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Posted at 12:48 PM ET, 04/03/2012

March “madness” out, normal spring weather in

After torching the record books in recent weeks, the weather pattern is now beginning to push temperatures back towards normal all across the country.

This change is particularly notable in the Great Lakes and Northeast, where during the past few days, temperatures actually dipped below average in many of the big cities. Freeze warnings covered northeast Ohio and western Pennsylvania last night, and frost advisories were in effect early this morning just west of the I-95 corridor from the suburbs of D.C. to New York City.

Temperatures compared to normal over last week (Regional Climate Centers)
Temperatures averaged over the last seven days are within 5 degrees (F) of normal (yellow and green shading) north of the Mason-Dixon line, as shown in the circled area in the image above.

Even in the middle third of the country, where temperatures just yesterday rocketed to 90°F near Kansas City just two days removed from their warmest March on record (+14.2°F for the month), temperatures are starting to slip. KC’s highs will likely hold in the 70s today, with cooler weather to follow this week. And on the heels of an east wind from Lake Michigan, Milwaukee only made it to 40°F on Saturday. Ouch!

Yet the temperature recalibration promoted by this new pattern isn’t a cool-down everywhere. Many places in the West have yet to see Spring really kick in. So a return to climatology for them triggered by the new weather mode is, in fact, a warm up.

Take for example, Seattle, WA. The daily-mean temperatures at Sea-Tac have been cooler than normal more than three-fourths of the days since mid-February, with highs in the 40s and 50s throughout March. And both San Francisco (SFO) and Los Angeles (LAX) have recorded below-average temperatures two out of three days for the last 6 weeks.

If the chill wasn’t enough, to add a little gloom to the West’s otherwise chilly picture, it’s been downright wet there, too. As CWG reported yesterday, Portland, Oregon and Spokane, Washington, had their wettest March on record.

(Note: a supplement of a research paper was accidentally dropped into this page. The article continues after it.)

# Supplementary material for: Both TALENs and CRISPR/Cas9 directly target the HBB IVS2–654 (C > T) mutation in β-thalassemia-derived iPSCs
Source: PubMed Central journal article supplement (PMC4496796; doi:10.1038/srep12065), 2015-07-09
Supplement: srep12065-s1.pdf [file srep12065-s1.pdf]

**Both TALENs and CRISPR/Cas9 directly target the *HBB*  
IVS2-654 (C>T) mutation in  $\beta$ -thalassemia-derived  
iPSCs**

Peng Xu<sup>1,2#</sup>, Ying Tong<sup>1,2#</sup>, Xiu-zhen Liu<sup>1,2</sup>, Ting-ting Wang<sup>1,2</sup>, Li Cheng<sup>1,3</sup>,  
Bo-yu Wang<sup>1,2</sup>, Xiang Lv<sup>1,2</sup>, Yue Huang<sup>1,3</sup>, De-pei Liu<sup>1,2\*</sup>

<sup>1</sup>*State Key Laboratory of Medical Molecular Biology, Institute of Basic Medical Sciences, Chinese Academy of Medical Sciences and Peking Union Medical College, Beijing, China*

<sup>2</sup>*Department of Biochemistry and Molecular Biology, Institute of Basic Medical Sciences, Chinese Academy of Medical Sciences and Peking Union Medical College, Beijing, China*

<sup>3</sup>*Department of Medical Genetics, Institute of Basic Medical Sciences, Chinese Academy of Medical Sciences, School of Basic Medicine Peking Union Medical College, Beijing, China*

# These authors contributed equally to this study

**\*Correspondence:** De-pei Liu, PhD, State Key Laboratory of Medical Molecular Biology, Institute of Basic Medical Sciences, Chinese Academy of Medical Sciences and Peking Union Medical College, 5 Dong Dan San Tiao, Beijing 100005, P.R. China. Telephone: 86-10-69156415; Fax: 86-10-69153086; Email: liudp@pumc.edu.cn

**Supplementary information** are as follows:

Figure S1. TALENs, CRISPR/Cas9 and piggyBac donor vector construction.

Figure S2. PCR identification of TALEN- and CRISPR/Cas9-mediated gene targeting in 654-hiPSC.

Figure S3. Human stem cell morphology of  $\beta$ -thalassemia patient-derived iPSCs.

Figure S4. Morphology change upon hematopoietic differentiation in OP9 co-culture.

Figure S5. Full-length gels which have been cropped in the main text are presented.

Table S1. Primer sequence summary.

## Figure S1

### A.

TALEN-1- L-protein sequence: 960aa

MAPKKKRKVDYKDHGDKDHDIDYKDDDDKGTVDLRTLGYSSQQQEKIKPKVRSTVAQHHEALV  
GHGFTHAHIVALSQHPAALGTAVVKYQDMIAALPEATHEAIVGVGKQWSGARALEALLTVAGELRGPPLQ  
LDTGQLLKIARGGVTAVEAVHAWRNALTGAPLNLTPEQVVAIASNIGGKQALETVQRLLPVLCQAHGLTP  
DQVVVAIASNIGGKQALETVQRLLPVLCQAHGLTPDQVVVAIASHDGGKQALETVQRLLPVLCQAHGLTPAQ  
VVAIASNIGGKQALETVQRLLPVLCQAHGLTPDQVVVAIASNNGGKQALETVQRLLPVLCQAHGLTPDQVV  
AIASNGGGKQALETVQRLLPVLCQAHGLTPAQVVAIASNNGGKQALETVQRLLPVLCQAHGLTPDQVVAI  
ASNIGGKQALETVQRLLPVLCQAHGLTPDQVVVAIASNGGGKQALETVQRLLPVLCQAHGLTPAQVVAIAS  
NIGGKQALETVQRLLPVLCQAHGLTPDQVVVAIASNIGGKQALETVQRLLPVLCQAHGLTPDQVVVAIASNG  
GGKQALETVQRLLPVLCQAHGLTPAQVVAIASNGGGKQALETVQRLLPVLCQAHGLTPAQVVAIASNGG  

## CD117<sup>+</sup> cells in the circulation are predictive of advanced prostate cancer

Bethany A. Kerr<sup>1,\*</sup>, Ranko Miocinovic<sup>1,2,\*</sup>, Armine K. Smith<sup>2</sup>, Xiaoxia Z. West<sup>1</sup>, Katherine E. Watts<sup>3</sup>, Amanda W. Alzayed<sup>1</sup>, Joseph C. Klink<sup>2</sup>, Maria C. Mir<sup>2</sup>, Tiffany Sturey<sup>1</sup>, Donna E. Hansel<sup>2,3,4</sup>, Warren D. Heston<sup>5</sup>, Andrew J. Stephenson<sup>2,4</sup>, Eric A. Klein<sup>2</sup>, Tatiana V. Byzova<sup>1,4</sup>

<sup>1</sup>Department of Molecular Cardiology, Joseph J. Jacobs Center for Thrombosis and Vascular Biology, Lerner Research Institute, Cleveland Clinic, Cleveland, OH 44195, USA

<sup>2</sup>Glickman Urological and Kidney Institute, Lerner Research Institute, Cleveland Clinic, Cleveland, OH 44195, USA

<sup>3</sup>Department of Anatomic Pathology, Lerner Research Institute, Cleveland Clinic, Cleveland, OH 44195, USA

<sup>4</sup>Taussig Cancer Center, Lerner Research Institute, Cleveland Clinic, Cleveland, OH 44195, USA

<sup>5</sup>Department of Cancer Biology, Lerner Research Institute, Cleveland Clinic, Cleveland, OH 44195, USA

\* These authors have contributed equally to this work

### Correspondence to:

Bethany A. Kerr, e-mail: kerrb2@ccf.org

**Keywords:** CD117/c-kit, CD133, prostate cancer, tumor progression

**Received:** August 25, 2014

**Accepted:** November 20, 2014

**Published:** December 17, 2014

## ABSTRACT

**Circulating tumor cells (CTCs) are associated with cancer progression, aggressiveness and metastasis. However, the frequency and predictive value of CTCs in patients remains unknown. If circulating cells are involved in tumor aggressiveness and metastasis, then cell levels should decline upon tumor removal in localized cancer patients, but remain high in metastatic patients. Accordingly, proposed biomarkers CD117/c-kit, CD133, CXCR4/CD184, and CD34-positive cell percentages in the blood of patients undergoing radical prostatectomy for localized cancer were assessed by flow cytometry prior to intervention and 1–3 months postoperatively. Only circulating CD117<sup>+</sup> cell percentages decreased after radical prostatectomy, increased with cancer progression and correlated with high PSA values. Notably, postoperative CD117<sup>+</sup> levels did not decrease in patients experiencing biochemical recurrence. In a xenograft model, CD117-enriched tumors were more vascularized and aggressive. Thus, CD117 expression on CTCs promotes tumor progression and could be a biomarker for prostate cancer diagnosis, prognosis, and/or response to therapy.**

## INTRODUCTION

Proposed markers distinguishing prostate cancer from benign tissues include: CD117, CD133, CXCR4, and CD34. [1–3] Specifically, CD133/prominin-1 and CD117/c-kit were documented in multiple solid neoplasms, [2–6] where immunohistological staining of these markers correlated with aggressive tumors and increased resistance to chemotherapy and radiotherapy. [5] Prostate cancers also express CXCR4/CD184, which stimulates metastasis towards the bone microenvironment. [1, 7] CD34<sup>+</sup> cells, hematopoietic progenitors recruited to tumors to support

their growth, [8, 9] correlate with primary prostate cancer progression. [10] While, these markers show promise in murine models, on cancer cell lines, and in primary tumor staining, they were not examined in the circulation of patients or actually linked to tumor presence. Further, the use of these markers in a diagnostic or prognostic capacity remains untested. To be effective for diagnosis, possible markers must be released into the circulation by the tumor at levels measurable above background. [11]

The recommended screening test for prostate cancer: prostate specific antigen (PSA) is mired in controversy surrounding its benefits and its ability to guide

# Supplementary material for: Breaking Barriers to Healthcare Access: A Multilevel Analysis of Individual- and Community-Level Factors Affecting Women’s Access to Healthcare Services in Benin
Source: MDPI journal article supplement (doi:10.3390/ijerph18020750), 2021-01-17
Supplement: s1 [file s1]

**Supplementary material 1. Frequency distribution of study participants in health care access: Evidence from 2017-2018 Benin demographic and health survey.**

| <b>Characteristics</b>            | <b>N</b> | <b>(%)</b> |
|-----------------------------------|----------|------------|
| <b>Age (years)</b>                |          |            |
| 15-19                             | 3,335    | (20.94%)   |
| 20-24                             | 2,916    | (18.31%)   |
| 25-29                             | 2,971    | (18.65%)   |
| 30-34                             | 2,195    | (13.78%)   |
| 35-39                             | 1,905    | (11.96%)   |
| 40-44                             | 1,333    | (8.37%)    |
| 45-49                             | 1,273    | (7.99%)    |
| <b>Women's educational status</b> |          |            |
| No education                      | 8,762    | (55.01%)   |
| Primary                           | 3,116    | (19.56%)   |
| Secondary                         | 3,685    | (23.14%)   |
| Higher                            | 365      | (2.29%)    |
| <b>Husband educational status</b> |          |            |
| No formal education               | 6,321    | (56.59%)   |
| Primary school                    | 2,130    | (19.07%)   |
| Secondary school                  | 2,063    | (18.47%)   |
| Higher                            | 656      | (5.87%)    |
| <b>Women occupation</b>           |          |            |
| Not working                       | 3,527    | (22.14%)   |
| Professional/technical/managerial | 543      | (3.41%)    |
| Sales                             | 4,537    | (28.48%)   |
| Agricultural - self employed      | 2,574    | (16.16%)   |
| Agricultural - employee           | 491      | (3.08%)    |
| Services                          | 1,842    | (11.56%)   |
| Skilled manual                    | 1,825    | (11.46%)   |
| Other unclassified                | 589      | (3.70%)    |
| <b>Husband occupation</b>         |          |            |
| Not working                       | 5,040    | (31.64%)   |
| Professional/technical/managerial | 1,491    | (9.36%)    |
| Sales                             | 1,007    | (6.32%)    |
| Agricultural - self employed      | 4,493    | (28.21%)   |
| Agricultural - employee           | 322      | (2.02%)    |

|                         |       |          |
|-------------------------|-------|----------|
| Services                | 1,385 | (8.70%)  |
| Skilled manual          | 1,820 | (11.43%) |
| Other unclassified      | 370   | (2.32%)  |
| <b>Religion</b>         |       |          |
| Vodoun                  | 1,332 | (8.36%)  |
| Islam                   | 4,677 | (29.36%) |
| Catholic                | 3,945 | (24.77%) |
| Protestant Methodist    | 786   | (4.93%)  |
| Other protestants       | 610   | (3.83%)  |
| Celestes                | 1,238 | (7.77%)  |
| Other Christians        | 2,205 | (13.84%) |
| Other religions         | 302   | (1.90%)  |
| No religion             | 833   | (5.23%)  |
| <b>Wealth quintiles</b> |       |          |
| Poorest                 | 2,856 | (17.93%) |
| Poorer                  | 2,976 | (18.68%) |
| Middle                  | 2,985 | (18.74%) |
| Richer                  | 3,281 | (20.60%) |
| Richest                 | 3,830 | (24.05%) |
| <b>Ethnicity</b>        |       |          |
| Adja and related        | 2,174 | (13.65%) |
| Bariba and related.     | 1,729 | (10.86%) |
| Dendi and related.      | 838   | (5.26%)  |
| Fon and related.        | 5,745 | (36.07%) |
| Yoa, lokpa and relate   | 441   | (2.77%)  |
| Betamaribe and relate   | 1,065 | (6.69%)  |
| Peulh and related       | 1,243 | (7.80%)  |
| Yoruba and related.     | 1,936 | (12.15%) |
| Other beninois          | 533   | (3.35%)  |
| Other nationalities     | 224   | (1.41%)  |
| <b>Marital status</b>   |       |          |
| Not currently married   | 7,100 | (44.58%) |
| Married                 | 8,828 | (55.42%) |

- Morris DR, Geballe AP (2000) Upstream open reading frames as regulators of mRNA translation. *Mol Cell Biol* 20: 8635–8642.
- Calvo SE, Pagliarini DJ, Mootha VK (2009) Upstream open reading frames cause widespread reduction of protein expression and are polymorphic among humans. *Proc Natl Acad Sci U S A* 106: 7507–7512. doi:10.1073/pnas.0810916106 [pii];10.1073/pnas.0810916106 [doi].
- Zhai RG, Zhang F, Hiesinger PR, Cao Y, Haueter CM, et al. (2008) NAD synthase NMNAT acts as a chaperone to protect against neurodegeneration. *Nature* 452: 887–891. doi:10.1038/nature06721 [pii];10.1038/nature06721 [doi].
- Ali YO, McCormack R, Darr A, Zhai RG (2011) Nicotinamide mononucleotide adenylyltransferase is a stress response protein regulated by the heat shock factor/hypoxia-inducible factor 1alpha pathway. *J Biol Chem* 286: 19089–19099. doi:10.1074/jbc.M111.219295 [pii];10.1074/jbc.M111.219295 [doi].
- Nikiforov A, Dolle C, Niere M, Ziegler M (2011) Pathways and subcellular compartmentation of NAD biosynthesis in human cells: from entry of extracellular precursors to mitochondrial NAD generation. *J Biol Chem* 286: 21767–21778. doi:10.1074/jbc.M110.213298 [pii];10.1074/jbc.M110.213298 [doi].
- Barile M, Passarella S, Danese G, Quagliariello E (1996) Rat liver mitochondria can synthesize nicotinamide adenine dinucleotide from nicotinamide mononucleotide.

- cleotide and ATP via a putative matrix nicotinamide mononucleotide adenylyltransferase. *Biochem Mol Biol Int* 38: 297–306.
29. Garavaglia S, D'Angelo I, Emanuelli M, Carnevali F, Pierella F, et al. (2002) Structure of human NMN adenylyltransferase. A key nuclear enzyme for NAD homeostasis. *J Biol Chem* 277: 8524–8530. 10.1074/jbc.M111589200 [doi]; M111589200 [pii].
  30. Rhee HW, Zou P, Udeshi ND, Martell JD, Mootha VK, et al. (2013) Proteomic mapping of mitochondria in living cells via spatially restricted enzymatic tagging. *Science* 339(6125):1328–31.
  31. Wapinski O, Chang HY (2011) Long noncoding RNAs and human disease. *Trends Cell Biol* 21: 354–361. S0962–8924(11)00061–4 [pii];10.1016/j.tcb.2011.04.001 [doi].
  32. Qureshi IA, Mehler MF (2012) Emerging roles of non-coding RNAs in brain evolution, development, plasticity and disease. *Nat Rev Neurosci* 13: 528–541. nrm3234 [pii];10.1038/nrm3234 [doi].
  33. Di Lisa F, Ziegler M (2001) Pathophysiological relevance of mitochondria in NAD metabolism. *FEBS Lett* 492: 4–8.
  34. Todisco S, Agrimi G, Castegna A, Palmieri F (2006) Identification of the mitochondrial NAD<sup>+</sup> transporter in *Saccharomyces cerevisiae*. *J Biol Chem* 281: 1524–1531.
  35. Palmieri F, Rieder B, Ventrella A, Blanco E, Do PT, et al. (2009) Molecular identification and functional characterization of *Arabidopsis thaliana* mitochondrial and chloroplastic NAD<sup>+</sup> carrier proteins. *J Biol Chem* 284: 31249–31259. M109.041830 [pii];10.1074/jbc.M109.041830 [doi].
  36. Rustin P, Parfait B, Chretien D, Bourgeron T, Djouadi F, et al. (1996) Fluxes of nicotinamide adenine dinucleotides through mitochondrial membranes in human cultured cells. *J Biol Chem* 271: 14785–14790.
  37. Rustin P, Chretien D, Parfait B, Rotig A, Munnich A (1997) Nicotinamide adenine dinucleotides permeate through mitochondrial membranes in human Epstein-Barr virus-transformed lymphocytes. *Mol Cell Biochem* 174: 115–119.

So, for nearly everyone from coast to coast, temporary changes are coming, if not already underway. The pattern shift discussed last week is on schedule.

Upper-level ridging (warm air aloft) has recently become established in northern latitudes of the Western Hemisphere, replacing cooler air and strong westerly winds that for much of last month occupied those same regions.

High-altitude temperatures and winds for next week predicted by ECMWF model. Red shading indicates anomalous ridging/warm-air aloft (Penn State)
As we move through the upcoming weekend and into early next week, the global weather models suggest high-altitude ridging will indeed settle over the West (red shading in the image to the right), while a northwesterly jet stream across the middle part of the country (black arrow) separates it from much cooler temperatures aloft (blue colors) in the East.

In terms of sensible weather during this period, this should translate to a few warmer days in the West, and perhaps even a period of below-normal temperatures in the eastern third of the nation (highs in the 50s and 60s from New England to the Carolinas by the middle of next week). Though this setup will probably begin to break down sometime near the middle of the month, Mother Nature has for now suspended its blistering assault on climatology and is instead giving everybody a real taste of “normal” early Spring.

By  |  12:48 PM ET, 04/03/2012

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